The same group of Vespa test images was reviewed in Picasa and both tags and geo-tags were added. The first tag for a few of the images was a ID number, such as "12120108", which would be the 108th photo taken during December, 2012. The image below, Figure 4, shows the metadata in all these files, extracted by ExifToolGUI and displayed in an Excel file.
Figure 4 - Excel file, showing the metadata added to a group of files by Picasa. The Picasa "tags" become XMP.Subject metadata, easily separated in Excel. The ExifTool command is shown in row 1.
These "new" images were "gathered" into a Greenstone archive and Figure 5, below, shows some results from browsing in the keywords category, specifically to display the photo ID numbers, as embedded as Picasa "tags."
Figure 5 - A display of keywords starting with "1", which show the photos with the trial ID numbers starting with "12", etc. The Greenstone "search" function can also be used to locate a specific ID number - or other keyword.
This trial shows that Picasa can be effectively used to caption and tag photos, with good results when the same photos are "archived" in Greenstone. The ExifTool (and the ExifToolGUI) can export and entire folder of JPG files to Excel. This produces a list of images and their metadata. The Excel list shows metadata gaps that can be easily filled with copying or direct data entry into the blank cells. See the ExifTool webpage for detailed examples.
Further, the Figure 4 Excel file can be "exploded" (imported) into Greenstone to provide the same metadata for use in Greenstone's "Enrich" function. For example, the Description can become the "dc.Description", the photo ID can become a "dc.Resource Identifier", etc. The Excel file also can be used as an "inventory list" of images with their descriptive data: captions and tags.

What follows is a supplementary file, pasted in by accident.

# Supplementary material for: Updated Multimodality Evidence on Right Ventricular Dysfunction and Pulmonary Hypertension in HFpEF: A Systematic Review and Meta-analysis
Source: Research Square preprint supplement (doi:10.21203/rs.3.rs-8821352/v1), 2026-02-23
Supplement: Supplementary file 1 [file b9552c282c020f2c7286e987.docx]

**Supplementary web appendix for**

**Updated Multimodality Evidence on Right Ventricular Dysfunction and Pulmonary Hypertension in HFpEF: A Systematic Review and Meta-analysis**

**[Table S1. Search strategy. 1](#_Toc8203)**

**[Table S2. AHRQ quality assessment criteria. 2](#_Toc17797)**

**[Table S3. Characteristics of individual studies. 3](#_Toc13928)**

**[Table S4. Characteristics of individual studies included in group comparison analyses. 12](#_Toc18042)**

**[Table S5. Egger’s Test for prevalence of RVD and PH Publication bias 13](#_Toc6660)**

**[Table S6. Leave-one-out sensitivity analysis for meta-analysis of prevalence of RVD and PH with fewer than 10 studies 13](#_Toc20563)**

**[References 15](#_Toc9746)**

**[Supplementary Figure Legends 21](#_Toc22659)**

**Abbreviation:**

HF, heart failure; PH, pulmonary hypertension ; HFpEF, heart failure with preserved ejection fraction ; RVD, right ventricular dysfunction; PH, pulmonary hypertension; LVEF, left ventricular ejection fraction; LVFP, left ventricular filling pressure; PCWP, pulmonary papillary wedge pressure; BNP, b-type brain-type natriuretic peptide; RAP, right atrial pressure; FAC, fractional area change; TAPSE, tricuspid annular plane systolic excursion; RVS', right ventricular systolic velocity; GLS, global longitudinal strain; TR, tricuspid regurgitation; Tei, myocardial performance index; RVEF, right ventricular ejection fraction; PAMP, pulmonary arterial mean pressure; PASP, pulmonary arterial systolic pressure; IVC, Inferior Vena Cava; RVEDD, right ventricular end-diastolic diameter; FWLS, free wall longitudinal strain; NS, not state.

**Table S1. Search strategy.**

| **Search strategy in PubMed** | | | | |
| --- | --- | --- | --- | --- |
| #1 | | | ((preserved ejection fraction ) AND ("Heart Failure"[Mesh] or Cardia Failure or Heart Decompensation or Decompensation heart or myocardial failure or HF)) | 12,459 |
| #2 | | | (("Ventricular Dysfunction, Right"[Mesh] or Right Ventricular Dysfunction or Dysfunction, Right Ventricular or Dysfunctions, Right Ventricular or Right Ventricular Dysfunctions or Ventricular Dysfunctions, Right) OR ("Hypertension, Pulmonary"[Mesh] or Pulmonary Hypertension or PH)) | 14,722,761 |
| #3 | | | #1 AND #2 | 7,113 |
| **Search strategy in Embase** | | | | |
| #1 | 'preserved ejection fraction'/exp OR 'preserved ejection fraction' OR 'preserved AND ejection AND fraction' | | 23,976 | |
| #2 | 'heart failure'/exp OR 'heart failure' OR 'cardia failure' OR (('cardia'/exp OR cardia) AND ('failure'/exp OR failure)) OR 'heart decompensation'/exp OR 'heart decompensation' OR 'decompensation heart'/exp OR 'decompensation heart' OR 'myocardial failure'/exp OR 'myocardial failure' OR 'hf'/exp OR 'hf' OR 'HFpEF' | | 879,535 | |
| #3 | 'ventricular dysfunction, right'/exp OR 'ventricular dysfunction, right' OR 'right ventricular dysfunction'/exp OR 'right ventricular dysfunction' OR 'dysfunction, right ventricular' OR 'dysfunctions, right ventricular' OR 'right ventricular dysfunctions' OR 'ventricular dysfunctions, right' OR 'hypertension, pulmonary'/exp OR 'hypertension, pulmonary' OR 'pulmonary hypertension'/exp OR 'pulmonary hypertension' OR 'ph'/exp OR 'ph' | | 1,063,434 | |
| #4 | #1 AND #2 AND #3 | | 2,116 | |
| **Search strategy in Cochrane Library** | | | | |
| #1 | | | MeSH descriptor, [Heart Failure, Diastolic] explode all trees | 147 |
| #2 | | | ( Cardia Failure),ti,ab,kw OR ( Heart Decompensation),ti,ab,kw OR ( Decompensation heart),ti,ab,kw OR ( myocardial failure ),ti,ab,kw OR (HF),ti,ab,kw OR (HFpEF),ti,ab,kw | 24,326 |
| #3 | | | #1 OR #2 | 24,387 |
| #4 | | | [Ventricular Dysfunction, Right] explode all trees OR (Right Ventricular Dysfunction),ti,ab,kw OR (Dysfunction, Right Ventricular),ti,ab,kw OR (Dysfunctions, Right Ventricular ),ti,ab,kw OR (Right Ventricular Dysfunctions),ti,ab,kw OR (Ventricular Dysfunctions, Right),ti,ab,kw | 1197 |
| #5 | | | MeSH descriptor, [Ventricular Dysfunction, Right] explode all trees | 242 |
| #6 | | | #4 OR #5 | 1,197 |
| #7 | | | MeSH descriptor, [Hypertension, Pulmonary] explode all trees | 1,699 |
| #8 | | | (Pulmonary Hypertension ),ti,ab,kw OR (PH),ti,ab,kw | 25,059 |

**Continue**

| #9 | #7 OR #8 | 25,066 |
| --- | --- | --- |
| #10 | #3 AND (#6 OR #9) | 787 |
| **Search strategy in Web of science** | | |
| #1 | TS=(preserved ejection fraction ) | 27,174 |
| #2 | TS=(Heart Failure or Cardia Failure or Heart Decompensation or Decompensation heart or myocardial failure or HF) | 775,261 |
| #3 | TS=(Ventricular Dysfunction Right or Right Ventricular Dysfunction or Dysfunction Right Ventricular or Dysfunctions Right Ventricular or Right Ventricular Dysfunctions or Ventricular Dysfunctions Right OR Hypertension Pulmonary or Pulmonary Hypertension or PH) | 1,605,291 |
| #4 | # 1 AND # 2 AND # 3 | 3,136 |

These trials worked well with an initial small group of images and a further test with 190 images. The new release of Greenstone 3.0 will also be used for trials.
February 15, 2013 update: the Greenstone lab team at the University of Waikato helped me fix a bug that was preventing more than 145 images from being added to the collection. It's a simple fix - select "unicode" as an option of "input_encoding" in the plugin for embedded metadata.
Another glitch prevented viewing the embedded metadata in the "Enrich" panel for files with the uppercase "JPG" extension. This was fixed by a simple edit to the "util.pm" file in the "perllib" directory. Contact me for the fix details sent to me from the Greenstone Users Group.
An archive of personal photos taken at the Mullin Automotive Museum is the current largest collection of images built only with embedded metadata. The metadata includes location data for each photo: latitude and longitude. Greenstone 3.0 can use this data for map displays.
Figure 6 - An archive of Mullin museum photos, this is the initial display of "Captions". Picasa was used to identify each image with captions and "car make" and "car year" as tags/keywords. The file names and photo dates are standard metadata embedded by the digital camera and extracted by Greenstone automatically.
A trial-version of ABBYY FineReader 11 Professional OCR software was used to scan a single page from a book, with both text and color images. In the "Scan, Options" menu was a function to add title, description, subject and author metadata. The file was saved to the PDF/A format. The ExifTool confirmed that this metadata was in the "PDF" title, subject and keywords, in the "XMP dc" title and description and in the "XMP pdf" keywords locations. The ExifToolGUI could also be used to add metadata at any time. When imported into the same Greenstone archive, the document was not located using the previously used metadata categories for extraction. When ex.Subject, ex.Title and "text search" were added as Search Indexes, the document was found in a normal Greenstone search, but with limited identifying information. This can be improved in the Format panel.
The trial-version of this software is limited to a single scanned page at a time. However, these results are encouraging.
My technical knowledge of Greenstone is "advanced beginner", so improvements this process will be by trial and error. I have asked the Greenstone user group (technical support) about a more efficient and clearer method to reach these results. At the very least, these tests seem to be on the right track - Picasa is a viable recommendation to initially organize and identify images, especially by reviewers and classifiers with average computer skills. Also, FineReader, the ExifTool and ExifToolGUI are a powerful combination to improve embedded metadata of digital images; I will use these tools for my archives.
Email me with any comments, suggestions or questions! Bob Schmitt, email@example.com
October 31, 2013
Revised February 15, 2016
Note: The Greenstone collections of CarLibrary.org are hosted on a ThinkPad T61 system located in Burbank, using (free!) Linux Ubuntu server software and (free!) Greenstone 2.85 (Linux) on a 60 GB SSD (OCZ) disk drive.